Beautiful Stories from Shakespeare II by Edith Nesbit Stories from Shakespeare II by Edith Nesbit    

Lesson 1: King Lear

Performer: Librivox - Sibella Denton

King Lear was old and tired. He was aweary of the business of his kingdom, and wished only to end his days quietly near his three daughters. Two of his daughters were married to the Dukes of Albany and Cornwall; and the Duke of Burgundy and the King of France were both suitors for the hand of Cordelia, his youngest daughter.

Lear called his three daughters together, and told them that he proposed to divide his kingdom between them. "But first," said he, "I should like to know much you love me."

Goneril, who was really a very wicked woman, and did not love her father at all, said she loved him more than words could say; she loved him dearer than eyesight, space or liberty, more than life, grace, health, beauty, and honor.

"I love you as much as my sister and more," professed Regan, "since I care for nothing but my father's love."

Lear was very much pleased with Regan's professions, and turned to his youngest daughter, Cordelia. "Now, our joy, though last not least," he said, "the best part of my kingdom have I kept for you. What can you say?"

"Nothing, my lord," answered Cordelia.

"Nothing can come of nothing. Speak again," said the King.

And Cordelia answered, "I love your Majesty according to my duty--no more, no less."

And this she said, because she was disgusted with the way in which her sisters professed love, when really they had not even a right sense of duty to their old father.

"I am your daughter," she went on, "and you have brought me up and loved me, and I return you those duties back as are right and fit, obey you, love you, and most honor you."

Lear, who loved Cordelia best, had wished her to make more extravagant professions of love than her sisters. "Go," he said, "be forever a stranger to my heart and me."
King Lear and the Fool in the Storm

The Earl of Kent, one of Lear's favorite courtiers and captains, tried to say a word for Cordelia's sake, but Lear would not listen. He divided the kingdom between Goneril and Regan, and told them that he should only keep a hundred knights at arms, and would live with his daughters by turns.

When the Duke of Burgundy knew that Cordelia would have no share of the kingdom, he gave up his courtship of her. But the King of France was wiser, and said, "Thy dowerless daughter, King, is Queen of us--of ours, and our fair France."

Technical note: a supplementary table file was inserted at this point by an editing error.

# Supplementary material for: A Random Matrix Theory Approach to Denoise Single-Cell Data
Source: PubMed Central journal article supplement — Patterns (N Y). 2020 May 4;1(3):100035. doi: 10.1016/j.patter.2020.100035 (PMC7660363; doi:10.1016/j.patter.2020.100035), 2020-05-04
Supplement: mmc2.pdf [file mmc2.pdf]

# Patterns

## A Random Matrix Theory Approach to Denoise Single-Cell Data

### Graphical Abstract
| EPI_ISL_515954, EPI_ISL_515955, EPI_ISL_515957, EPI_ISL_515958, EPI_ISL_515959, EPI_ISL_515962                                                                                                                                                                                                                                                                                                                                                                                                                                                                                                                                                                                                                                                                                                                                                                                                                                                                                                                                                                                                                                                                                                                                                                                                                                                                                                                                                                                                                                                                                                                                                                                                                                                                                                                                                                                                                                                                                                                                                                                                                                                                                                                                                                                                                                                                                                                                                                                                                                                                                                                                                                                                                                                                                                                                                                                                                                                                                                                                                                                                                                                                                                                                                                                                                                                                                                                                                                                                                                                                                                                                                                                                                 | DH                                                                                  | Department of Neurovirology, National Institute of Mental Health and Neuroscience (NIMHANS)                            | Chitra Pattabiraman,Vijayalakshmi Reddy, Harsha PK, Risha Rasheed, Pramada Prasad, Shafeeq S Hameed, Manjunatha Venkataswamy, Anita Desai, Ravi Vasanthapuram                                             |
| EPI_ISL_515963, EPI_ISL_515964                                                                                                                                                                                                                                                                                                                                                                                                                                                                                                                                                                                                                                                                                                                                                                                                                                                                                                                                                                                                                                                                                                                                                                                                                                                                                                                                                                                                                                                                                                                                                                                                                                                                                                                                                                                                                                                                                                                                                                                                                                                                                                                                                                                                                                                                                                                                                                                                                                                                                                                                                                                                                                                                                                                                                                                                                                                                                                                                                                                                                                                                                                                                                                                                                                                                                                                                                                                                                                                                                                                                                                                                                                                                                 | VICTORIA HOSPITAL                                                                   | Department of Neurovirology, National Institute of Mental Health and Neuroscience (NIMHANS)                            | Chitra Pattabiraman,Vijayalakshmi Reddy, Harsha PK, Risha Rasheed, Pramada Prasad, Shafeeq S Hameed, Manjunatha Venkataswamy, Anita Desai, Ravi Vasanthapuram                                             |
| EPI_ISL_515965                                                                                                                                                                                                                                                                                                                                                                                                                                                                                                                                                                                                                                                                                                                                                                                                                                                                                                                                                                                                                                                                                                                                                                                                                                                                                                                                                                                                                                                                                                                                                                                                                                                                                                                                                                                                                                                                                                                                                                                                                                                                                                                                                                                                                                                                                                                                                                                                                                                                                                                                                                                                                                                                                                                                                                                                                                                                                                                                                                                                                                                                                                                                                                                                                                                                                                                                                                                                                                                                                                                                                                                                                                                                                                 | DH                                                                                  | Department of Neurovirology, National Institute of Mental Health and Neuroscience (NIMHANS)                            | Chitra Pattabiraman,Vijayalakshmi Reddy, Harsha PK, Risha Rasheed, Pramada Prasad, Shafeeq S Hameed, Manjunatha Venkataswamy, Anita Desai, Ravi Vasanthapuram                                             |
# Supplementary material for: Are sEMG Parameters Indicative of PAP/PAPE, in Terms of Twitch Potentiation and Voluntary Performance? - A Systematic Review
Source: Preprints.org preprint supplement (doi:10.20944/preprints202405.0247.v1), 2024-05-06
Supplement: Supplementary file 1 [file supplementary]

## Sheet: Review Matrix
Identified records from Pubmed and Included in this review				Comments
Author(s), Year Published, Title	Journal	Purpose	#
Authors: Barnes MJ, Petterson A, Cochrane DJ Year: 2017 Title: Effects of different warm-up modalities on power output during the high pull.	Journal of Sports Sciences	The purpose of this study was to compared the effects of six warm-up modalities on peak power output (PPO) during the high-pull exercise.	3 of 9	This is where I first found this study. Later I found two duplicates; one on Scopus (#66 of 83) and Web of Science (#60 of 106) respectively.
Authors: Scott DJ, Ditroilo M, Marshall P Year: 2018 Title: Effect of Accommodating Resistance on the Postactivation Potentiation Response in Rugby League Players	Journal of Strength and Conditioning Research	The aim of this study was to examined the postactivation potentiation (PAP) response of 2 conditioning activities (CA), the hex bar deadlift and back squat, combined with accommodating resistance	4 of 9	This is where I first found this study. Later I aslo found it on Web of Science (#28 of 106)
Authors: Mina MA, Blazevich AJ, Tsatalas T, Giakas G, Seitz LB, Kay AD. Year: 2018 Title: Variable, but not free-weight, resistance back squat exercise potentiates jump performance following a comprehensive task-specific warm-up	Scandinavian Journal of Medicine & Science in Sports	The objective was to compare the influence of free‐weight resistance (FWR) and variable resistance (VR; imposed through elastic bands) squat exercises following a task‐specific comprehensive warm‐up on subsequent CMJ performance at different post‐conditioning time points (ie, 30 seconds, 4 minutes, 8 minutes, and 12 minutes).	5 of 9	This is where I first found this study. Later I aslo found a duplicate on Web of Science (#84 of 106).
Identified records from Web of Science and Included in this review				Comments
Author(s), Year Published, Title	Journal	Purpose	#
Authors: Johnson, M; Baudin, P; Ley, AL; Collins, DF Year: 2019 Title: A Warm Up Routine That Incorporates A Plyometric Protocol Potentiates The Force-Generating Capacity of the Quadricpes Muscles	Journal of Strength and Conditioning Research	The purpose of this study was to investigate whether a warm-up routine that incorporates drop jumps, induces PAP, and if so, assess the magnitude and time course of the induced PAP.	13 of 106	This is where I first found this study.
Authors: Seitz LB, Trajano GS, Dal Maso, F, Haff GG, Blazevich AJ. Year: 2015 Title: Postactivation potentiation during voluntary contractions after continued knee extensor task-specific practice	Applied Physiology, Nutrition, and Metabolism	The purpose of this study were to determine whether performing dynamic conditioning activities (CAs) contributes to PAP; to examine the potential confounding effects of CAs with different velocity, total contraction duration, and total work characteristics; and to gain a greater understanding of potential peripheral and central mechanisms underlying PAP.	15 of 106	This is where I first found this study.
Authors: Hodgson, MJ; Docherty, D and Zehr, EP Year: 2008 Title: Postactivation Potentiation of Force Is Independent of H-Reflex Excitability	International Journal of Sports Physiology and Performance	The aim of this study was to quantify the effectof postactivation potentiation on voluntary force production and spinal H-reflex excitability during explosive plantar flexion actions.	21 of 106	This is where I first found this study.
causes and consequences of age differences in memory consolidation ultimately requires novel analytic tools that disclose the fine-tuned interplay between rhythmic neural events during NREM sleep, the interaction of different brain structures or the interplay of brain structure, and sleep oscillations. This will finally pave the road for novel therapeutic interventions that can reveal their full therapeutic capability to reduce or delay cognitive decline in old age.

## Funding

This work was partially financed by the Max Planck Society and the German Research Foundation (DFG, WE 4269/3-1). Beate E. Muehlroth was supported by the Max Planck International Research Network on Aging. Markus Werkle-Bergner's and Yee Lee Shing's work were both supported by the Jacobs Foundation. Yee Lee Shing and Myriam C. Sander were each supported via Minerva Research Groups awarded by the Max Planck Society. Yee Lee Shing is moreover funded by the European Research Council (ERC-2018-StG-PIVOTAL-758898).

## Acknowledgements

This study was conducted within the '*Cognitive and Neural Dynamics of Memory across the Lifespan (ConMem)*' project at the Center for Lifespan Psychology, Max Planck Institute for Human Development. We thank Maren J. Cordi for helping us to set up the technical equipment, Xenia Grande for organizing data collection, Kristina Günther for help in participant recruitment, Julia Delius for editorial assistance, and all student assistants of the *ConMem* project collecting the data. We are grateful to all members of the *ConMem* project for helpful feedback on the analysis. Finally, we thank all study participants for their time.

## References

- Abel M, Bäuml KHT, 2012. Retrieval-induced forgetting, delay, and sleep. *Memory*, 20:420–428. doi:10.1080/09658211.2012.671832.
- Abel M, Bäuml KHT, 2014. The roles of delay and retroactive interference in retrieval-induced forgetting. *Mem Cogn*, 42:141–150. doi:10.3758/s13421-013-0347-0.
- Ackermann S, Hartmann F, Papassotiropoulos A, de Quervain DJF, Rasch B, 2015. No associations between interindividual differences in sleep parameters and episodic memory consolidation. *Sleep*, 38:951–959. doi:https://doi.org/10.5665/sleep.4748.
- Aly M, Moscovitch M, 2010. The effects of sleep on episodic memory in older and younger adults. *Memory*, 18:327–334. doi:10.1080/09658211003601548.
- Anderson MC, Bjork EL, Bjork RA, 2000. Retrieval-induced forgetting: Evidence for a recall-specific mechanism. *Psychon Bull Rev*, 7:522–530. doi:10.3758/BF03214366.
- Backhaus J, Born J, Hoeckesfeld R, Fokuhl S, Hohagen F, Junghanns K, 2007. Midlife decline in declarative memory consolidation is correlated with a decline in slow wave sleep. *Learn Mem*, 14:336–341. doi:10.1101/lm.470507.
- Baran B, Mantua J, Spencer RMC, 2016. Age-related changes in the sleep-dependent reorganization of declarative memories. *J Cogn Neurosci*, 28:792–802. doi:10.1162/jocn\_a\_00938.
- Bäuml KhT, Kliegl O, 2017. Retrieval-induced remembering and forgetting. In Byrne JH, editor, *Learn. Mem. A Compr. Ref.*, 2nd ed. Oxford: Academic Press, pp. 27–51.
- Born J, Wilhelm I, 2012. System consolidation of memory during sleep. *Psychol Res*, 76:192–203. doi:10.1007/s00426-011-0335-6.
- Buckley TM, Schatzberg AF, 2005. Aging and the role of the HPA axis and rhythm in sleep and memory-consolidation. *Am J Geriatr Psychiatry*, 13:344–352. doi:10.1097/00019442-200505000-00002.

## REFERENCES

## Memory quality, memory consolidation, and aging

"Take her, take her," said the King; "for I will never see that face of hers again."

So Cordelia became Queen of France, and the Earl of Kent, for having ventured to take her part, was banished from the kingdom. The King now went to stay with his daughter Goneril, who had got everything from her father that he had to give, and now began to grudge even the hundred knights that he had reserved for himself. She was harsh and undutiful to him, and her servants either refused to obey his orders or pretended that they did not hear him.

Now the Earl of Kent, when he was banished, made as though he would go into another country, but instead he came back in the disguise of a servingman and took service with the King. The King had now two friends--the Earl of Kent, whom he only knew as his servant, and his Fool, who was faithful to him. Goneril told her father plainly that his knights only served to fill her Court with riot and feasting; and so she begged him only to keep a few old men about him such as himself.

"My train are men who know all parts of duty," said Lear. "Goneril, I will not trouble you further--yet I have left another daughter."

And his horses being saddled, he set out with his followers for the castle of Regan. But she, who had formerly outdone her sister in professions of attachment to the King, now seemed to outdo her in undutiful conduct, saying that fifty knights were too many to wait on him, and Goneril (who had hurried thither to prevent Regan showing any kindness to the old King) said five were too many, since her servants could wait on him.